Agency for Cultural Affairs Comprehensive Project for Children’s Development
Noh theater is a comprehensive art form that includes various elements such as drama, dance, music, literature, and art. This performance will focus on the music of Noh, the musical accompaniment, and introduce its unique musicality. The performance includes the fast-paced and light-hearted “Hayabue,” the slow and dignified “Oobeshi,” and the full-bodied “Shishi. The piece performed with the children is “Sanbanzo,” which repeats the same rhythm.
By appreciating and experiencing Noh music, we can feel “something invisible and inaudible to the eyes and ears,” and awaken senses other than the five senses that modern Japanese have forgotten, thereby nurturing children’s sensitivity.
This is a music (instrumental) only performance called “Hayashi-Do,” which focuses on the musicality of Noh theater.
- Opening remarks and introduction of the history of Noh … After straightening up and giving a proper greeting, the outline and history of Noh will be explained in an easy-to-understand manner.
- Early flute … This is the light, high-tempo music for the appearance of the dragon gods and demons.
- Explanations of each instrument and its appeal as Noh music.
Let’s try to express ourselves with the kake voice… You will experience the 4.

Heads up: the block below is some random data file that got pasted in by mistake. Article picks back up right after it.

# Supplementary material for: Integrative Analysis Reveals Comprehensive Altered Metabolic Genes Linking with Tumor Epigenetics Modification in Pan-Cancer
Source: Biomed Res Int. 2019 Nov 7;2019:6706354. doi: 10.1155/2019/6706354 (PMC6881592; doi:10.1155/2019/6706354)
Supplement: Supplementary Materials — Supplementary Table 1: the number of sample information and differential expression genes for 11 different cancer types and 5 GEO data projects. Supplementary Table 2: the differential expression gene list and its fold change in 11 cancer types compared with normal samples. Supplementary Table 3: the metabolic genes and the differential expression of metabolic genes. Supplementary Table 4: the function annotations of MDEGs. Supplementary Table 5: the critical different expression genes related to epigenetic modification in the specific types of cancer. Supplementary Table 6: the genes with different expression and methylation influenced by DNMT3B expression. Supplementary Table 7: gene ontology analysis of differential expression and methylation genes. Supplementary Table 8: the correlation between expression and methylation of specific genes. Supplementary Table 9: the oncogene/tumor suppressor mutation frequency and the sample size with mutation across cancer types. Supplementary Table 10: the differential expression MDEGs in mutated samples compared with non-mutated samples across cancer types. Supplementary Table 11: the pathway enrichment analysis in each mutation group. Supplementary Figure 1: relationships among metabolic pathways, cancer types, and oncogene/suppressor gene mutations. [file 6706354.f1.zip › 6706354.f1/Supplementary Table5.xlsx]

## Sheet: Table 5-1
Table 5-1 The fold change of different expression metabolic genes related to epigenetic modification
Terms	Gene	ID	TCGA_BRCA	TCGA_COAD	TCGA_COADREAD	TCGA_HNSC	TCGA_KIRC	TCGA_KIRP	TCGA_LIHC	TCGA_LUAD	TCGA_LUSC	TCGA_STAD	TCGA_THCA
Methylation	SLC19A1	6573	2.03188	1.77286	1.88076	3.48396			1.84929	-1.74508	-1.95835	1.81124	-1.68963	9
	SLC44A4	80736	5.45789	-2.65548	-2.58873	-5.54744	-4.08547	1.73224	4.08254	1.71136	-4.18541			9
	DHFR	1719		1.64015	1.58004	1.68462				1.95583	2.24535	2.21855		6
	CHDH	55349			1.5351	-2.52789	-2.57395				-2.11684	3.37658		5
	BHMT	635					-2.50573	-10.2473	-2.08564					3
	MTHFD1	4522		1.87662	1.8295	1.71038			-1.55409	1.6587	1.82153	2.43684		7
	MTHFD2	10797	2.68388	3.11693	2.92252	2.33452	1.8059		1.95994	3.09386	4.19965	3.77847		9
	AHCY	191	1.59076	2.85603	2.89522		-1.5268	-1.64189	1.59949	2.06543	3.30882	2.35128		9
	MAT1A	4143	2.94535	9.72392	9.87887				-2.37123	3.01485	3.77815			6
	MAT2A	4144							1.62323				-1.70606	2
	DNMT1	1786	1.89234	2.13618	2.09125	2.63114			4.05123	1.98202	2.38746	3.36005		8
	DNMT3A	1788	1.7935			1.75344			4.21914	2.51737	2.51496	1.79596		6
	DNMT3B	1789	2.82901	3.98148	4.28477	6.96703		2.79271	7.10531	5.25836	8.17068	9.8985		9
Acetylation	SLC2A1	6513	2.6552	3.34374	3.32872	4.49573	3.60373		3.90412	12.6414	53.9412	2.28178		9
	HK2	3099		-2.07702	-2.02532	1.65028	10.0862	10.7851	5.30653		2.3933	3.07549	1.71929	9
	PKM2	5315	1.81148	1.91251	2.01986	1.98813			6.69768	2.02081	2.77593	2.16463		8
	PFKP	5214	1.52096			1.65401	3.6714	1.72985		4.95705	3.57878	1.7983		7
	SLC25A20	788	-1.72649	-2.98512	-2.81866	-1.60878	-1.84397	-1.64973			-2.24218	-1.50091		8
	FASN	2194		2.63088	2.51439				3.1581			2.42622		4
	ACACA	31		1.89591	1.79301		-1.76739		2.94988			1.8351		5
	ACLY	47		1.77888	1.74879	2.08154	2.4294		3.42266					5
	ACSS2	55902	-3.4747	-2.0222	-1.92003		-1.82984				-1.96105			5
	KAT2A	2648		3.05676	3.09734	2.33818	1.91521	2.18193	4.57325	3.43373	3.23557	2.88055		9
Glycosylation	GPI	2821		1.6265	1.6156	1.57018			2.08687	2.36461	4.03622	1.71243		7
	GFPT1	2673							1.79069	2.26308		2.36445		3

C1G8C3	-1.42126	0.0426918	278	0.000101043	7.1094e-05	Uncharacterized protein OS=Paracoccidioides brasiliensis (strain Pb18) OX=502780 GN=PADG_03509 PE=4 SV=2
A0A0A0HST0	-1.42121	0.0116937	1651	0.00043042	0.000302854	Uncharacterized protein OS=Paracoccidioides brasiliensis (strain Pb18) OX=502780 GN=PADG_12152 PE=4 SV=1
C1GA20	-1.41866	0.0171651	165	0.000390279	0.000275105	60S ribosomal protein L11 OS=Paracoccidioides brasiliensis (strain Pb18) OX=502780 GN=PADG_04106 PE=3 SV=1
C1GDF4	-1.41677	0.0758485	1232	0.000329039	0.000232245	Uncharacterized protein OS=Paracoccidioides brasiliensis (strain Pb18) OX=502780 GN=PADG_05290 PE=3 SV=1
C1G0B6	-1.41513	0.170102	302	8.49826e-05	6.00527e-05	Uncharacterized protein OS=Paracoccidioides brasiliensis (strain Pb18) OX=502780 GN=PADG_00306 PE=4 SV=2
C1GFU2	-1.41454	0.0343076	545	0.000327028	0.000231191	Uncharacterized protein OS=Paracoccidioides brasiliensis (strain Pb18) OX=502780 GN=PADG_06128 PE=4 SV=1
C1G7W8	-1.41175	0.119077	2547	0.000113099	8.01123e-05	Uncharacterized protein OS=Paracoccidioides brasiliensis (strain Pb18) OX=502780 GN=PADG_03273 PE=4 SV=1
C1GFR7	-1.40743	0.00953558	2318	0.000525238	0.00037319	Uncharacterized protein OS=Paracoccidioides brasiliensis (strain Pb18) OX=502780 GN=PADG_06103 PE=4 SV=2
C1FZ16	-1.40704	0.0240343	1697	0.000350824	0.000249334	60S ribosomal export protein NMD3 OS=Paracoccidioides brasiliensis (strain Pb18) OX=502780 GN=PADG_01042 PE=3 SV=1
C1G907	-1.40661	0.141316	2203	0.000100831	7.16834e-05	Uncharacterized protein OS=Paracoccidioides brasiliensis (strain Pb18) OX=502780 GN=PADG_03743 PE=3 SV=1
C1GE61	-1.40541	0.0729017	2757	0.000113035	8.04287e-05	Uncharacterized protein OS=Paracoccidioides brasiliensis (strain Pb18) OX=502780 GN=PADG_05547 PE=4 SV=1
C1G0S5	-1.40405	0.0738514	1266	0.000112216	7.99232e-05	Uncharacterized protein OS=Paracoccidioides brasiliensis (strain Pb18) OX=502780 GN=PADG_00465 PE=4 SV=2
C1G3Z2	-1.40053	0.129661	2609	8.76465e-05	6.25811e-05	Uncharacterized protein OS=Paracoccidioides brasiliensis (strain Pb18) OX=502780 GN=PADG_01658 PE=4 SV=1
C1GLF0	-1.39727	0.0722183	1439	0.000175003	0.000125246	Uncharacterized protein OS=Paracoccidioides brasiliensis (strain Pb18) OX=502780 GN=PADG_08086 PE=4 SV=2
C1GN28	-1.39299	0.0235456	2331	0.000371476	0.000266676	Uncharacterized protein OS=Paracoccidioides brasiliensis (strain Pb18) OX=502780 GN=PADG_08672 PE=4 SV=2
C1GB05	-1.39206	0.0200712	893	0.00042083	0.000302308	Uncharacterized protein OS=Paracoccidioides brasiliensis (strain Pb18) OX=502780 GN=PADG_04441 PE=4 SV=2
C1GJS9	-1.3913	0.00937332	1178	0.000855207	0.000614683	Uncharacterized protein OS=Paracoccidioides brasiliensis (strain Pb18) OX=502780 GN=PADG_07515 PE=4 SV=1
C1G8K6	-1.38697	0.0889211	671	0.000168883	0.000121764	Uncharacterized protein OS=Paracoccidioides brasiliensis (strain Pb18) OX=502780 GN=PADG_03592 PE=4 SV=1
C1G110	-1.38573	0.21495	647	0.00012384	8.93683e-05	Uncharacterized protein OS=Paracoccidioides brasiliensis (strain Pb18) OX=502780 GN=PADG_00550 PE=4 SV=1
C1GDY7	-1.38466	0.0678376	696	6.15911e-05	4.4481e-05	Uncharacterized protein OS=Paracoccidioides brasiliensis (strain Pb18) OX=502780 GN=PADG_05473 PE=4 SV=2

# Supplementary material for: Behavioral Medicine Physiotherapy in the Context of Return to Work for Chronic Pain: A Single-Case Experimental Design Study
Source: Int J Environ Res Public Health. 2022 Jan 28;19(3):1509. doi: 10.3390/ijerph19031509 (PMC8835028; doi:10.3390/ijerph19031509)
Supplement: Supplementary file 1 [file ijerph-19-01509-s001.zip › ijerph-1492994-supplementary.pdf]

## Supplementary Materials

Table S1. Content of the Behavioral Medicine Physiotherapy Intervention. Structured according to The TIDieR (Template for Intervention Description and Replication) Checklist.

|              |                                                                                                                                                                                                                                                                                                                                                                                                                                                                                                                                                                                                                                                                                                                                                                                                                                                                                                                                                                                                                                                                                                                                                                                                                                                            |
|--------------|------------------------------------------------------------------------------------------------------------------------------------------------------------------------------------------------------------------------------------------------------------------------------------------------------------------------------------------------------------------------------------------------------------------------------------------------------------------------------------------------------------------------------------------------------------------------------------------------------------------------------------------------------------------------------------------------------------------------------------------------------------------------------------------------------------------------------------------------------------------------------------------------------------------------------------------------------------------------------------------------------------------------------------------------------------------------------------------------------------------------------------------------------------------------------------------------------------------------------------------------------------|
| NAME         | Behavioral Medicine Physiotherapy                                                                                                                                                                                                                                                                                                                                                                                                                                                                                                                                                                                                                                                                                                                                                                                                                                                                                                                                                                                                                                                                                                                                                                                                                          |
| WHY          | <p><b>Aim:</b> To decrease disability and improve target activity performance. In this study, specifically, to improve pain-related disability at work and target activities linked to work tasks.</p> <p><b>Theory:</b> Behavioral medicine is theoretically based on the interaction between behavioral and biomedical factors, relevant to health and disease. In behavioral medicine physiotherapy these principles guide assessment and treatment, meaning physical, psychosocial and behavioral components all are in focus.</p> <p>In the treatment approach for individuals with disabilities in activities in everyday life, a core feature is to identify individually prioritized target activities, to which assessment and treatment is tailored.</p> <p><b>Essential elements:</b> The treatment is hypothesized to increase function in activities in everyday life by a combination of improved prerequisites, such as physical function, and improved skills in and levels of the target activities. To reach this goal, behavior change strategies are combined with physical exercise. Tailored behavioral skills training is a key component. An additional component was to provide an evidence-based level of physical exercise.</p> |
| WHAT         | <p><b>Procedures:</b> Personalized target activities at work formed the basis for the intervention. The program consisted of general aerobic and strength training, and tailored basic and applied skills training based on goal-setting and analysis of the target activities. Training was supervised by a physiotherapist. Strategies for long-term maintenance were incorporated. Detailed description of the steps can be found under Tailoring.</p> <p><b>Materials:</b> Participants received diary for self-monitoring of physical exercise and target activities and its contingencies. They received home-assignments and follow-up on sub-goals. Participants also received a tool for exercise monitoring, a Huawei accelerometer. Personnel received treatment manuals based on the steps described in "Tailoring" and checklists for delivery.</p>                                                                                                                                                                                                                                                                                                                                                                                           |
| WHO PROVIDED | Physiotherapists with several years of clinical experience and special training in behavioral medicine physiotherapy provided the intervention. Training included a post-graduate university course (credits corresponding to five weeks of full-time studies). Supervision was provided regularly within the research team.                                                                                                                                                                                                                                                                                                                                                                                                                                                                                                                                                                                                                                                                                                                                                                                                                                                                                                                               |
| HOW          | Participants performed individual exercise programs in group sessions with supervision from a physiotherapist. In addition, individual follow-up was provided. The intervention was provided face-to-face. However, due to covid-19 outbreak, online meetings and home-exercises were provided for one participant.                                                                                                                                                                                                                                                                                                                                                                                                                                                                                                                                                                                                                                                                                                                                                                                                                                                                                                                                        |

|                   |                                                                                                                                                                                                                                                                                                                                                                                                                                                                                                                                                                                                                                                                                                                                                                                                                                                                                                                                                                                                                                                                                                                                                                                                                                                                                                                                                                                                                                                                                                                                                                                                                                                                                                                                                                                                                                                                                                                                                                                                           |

- kake voice, a characteristic of Noh music. You will experience how it sounds and how the pauses change depending on how you use the kake voice.
- Oobeshi: The same melody and rhythmic pattern as the haya-fue, but the tempo is extremely slow, expressing a powerful, ultra-fast movement. The tempo is extremely slow and expresses powerful, ultra-fast movement. Students will learn how to express themselves in Noh music by comparing it to the haya-fue.
During the break, those who wish to can try out the kotsuzumi and otsuzumi drums. (Contact time)
- Sanbanzo is a Kyogen dance piece that accompanies Onna. It is a very festive piece and the same rhythm is played repeatedly. This is a very festive piece and the same rhythm will be played repeatedly.
- Kagura is danced in front of the Iwato Gate in the mythical “Ama-no-Iwato-gakure,” which is said to be the beginning of the performing arts. It is said to be the beginning of the performing arts. It is a piece of music that can be said to be the origin of Japanese music, shaking the hearts of viewers (the DNA of the Japanese people).
- This is a dance piece for the lion, the spirit animal of Monju Bosatsu. This is the quintessence of Noh music, full of stillness, movement, interplay and spirit.
- Closing remarks and Q&A… Various questions will be answered. At the end of the performance, as at the beginning of the performance, the audience will make their presence known and greet the performers properly.
Performance time (about 95 minutes)